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Journal of the Korean Academy of Rehabilitation Medicine 2010;34(1):10-14.
The Effects of Transcranial Direct Current Stimulation on Dysarthria in Stroke Patients.
You, Dae Sang , Chun, Min Ho , Kim, Dae Yul , Han, Eun Young , Jung, Seung Eun
1Department of Rehabilitation Medicine, Asan Medical Center, University of Ulsan College of Medicine, Korea. mhchun@amc.seoul.kr
2Department of Rehabilitation Medicine, University of Jeju College of Medicine, Korea.
뇌졸중 환자의 구음장애에 대한 경두개 직류 전류 자극의 효과
유대상, 전민호, 김대열, 한은영1, 정승은
울산대학교 의과대학 서울아산병원 재활의학교실, 1제주대학교 의과대학 재활의학교실
To investigate whether transcranial direct current stimulation (tDCS) can improve dysarthria in stroke patients.
Twelve patients who developed dysarthria after acute middle cerebral artery (MCA) infarction were included in this study. In a prospective, double blinded, randomized case control study performed between January 2007 and December 2008, six patients were randomized to anodal tDCS application and conventional speech therapy, and six patients were randomized to the sham group which received only conventional speech therapy. tDCS was delivered for 30 minutes at 2 mA with 25cm2, five times/week, for a total two weeks. The effects were assessed in maximal phonation time (MPT), alternative motion rates (AMR)-Pa, AMR-Ta, AMR-Ka, and sequential motion rates (SMR)-PaTaKa using the Multi-Media Dimension Voice Program.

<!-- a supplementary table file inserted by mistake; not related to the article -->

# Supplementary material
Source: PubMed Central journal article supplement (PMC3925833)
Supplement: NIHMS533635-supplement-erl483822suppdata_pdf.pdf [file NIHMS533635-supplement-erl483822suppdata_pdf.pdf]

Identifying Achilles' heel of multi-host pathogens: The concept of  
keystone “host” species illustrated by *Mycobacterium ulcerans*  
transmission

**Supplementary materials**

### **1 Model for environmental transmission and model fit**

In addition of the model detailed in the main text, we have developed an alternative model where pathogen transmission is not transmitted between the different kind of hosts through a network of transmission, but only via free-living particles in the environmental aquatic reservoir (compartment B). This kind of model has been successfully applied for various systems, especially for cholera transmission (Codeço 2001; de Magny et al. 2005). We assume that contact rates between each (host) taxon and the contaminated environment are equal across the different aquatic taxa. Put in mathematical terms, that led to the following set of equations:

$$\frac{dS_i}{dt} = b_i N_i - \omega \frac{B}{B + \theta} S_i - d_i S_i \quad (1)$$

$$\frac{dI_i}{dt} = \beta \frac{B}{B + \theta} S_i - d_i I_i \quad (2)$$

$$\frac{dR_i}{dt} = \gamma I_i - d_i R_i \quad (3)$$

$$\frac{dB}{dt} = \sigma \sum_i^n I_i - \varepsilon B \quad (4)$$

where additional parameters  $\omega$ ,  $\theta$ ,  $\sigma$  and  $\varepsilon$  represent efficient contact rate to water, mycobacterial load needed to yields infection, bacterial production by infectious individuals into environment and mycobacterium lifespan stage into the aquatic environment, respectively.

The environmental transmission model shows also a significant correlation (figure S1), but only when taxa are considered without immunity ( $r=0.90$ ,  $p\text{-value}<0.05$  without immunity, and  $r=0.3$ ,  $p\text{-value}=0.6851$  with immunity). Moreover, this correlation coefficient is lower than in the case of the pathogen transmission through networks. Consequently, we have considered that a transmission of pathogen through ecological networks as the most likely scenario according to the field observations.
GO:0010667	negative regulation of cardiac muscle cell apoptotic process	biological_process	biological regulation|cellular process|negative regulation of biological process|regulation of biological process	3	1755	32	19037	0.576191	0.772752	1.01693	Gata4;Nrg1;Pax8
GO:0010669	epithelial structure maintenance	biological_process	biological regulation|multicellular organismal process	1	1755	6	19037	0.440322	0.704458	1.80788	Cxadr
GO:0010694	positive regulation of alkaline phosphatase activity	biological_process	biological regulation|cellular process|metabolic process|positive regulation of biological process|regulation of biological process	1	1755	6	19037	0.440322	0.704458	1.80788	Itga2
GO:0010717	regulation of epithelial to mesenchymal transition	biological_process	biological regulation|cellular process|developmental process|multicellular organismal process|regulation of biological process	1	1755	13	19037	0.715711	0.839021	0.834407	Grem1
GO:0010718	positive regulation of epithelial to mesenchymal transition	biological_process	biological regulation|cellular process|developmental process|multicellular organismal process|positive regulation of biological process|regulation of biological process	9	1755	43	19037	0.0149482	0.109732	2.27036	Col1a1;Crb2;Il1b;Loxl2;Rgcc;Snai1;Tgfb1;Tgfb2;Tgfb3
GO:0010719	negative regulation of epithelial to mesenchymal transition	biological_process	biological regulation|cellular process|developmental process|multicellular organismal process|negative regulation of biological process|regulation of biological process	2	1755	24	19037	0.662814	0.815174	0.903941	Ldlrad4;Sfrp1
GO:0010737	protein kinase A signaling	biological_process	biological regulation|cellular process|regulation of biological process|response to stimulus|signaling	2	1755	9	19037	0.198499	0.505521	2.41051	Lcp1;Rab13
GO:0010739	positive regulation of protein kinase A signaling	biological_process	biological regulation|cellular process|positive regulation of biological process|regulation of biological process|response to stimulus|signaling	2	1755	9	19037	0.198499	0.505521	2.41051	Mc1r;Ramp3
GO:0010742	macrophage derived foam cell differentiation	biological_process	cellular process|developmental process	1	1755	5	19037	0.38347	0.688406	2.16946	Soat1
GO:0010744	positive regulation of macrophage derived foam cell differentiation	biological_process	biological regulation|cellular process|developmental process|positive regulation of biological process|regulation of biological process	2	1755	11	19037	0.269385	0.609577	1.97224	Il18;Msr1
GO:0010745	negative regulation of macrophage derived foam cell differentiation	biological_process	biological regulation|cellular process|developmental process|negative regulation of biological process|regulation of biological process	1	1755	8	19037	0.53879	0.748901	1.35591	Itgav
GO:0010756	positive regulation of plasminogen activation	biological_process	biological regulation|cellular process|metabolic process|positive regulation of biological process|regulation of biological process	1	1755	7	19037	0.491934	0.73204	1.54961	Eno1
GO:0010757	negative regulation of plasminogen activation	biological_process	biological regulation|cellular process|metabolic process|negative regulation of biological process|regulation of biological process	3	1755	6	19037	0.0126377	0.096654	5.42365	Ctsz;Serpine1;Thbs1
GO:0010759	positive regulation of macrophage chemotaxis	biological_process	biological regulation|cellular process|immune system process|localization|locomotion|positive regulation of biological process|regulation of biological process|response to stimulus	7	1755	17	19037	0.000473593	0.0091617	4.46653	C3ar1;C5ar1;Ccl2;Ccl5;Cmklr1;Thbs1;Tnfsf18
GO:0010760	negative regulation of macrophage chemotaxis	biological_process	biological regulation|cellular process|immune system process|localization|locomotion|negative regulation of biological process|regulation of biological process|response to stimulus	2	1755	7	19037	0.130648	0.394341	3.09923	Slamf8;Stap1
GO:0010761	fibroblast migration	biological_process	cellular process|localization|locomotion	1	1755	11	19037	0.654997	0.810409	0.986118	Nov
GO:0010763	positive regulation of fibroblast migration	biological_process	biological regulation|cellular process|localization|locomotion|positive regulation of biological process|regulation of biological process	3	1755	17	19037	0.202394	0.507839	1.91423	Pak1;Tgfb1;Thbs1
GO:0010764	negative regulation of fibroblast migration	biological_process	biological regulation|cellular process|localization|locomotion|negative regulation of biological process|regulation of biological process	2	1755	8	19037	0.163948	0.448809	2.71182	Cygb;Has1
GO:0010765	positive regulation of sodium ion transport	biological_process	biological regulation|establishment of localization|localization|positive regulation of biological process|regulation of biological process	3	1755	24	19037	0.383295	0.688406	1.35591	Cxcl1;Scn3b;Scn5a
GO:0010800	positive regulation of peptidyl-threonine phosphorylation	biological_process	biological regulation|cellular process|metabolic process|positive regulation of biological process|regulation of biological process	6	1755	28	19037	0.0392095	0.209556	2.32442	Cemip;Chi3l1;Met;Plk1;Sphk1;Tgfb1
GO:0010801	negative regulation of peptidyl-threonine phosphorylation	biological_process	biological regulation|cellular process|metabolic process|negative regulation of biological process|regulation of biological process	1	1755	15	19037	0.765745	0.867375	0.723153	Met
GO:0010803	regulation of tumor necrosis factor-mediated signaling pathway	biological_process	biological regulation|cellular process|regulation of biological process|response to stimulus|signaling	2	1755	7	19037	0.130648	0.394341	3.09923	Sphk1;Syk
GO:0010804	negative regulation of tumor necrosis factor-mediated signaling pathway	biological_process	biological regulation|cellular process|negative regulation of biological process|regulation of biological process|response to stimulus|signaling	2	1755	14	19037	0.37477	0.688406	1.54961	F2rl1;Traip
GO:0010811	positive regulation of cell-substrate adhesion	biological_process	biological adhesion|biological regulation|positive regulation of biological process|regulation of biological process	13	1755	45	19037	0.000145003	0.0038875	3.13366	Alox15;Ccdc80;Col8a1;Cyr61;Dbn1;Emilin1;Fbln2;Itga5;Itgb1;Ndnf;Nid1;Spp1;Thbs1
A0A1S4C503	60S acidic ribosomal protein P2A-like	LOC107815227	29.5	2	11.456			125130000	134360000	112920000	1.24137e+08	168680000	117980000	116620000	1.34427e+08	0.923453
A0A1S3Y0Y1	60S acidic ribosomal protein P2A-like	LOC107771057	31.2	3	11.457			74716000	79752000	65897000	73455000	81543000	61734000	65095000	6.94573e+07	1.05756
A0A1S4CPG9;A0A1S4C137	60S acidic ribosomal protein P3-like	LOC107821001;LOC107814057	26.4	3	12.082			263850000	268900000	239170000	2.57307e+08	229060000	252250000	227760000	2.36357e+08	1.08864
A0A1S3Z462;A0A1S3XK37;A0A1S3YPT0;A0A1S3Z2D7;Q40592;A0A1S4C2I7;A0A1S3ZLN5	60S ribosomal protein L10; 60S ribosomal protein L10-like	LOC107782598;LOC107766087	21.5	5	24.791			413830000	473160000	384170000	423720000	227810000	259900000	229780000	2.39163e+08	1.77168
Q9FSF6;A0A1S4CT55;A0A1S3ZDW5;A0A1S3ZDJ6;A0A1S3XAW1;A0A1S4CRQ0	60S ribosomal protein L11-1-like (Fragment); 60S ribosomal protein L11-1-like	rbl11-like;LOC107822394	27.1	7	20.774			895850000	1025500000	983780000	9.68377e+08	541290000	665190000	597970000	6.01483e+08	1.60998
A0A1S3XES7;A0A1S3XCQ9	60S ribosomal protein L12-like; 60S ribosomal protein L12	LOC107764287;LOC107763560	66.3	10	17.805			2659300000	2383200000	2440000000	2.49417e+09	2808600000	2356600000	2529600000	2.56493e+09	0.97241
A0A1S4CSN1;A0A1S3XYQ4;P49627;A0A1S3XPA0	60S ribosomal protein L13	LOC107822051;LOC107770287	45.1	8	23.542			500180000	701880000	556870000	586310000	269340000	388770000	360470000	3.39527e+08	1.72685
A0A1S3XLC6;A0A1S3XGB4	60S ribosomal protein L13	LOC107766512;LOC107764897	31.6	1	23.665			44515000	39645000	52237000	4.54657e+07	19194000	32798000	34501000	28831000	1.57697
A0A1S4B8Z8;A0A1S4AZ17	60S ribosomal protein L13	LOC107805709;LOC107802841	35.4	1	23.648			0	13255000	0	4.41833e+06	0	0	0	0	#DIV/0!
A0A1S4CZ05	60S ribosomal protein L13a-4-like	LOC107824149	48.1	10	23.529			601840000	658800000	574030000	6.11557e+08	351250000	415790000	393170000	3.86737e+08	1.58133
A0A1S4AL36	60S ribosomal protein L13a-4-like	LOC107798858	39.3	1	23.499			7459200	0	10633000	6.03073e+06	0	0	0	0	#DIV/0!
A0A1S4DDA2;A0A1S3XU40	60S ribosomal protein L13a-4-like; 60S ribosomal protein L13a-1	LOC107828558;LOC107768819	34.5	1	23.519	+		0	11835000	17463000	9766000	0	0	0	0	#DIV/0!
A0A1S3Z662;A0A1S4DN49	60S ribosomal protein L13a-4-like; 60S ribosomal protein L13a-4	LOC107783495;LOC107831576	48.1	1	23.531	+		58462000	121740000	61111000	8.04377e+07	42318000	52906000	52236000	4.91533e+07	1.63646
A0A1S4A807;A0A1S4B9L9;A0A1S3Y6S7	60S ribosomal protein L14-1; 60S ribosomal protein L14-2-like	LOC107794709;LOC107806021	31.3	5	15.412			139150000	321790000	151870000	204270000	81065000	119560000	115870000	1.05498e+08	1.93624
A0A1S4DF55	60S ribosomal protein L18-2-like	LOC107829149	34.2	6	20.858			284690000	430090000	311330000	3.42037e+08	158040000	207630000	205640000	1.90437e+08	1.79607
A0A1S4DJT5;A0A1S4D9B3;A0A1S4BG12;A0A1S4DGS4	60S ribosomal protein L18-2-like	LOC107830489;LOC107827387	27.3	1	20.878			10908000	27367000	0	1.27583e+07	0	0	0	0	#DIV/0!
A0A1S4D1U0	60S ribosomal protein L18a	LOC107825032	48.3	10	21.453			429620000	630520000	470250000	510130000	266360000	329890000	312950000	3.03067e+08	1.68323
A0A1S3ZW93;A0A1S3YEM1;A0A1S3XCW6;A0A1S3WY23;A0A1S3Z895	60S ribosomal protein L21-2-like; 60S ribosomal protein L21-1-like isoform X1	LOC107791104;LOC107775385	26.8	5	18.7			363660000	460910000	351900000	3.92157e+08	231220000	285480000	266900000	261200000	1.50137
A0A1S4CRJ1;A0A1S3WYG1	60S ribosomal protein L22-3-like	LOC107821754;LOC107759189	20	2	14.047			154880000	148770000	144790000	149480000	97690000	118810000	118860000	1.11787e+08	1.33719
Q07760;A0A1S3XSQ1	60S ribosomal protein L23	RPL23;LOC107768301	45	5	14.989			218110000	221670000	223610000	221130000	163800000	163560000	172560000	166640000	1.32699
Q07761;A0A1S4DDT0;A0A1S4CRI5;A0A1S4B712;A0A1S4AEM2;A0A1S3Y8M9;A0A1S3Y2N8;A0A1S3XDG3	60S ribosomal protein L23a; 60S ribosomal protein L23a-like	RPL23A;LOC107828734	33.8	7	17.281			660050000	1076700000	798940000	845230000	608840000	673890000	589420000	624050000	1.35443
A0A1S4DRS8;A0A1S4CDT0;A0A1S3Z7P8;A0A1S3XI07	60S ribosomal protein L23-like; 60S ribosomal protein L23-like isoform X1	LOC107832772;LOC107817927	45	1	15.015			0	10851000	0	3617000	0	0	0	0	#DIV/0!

Pre-treatment patient evaluation showed no significant difference between the two groups for all parameters. The MPT, AMR-Pa, AMR-Ta, AMR-Ka, and SMR-PaTaKa were improved pre- and post-treatment in the stimulation group, while MPT, SMR-PaTaKa were improved in the sham group (p<0.05). The AMR-Pa significantly improved in the stimulation group compared to the sham group (p<0.05).
As these results demonstrated the beneficial effects of anodal tDCS on dysarthria, tDCS can successfully be used as a treatment modality for patients suffering from dysarthria after stroke. (J Korean Acad Rehab Med 2010; 34: 10-14)
Key Words: Stroke, Dysarthria, Transcranial direct current stimulation


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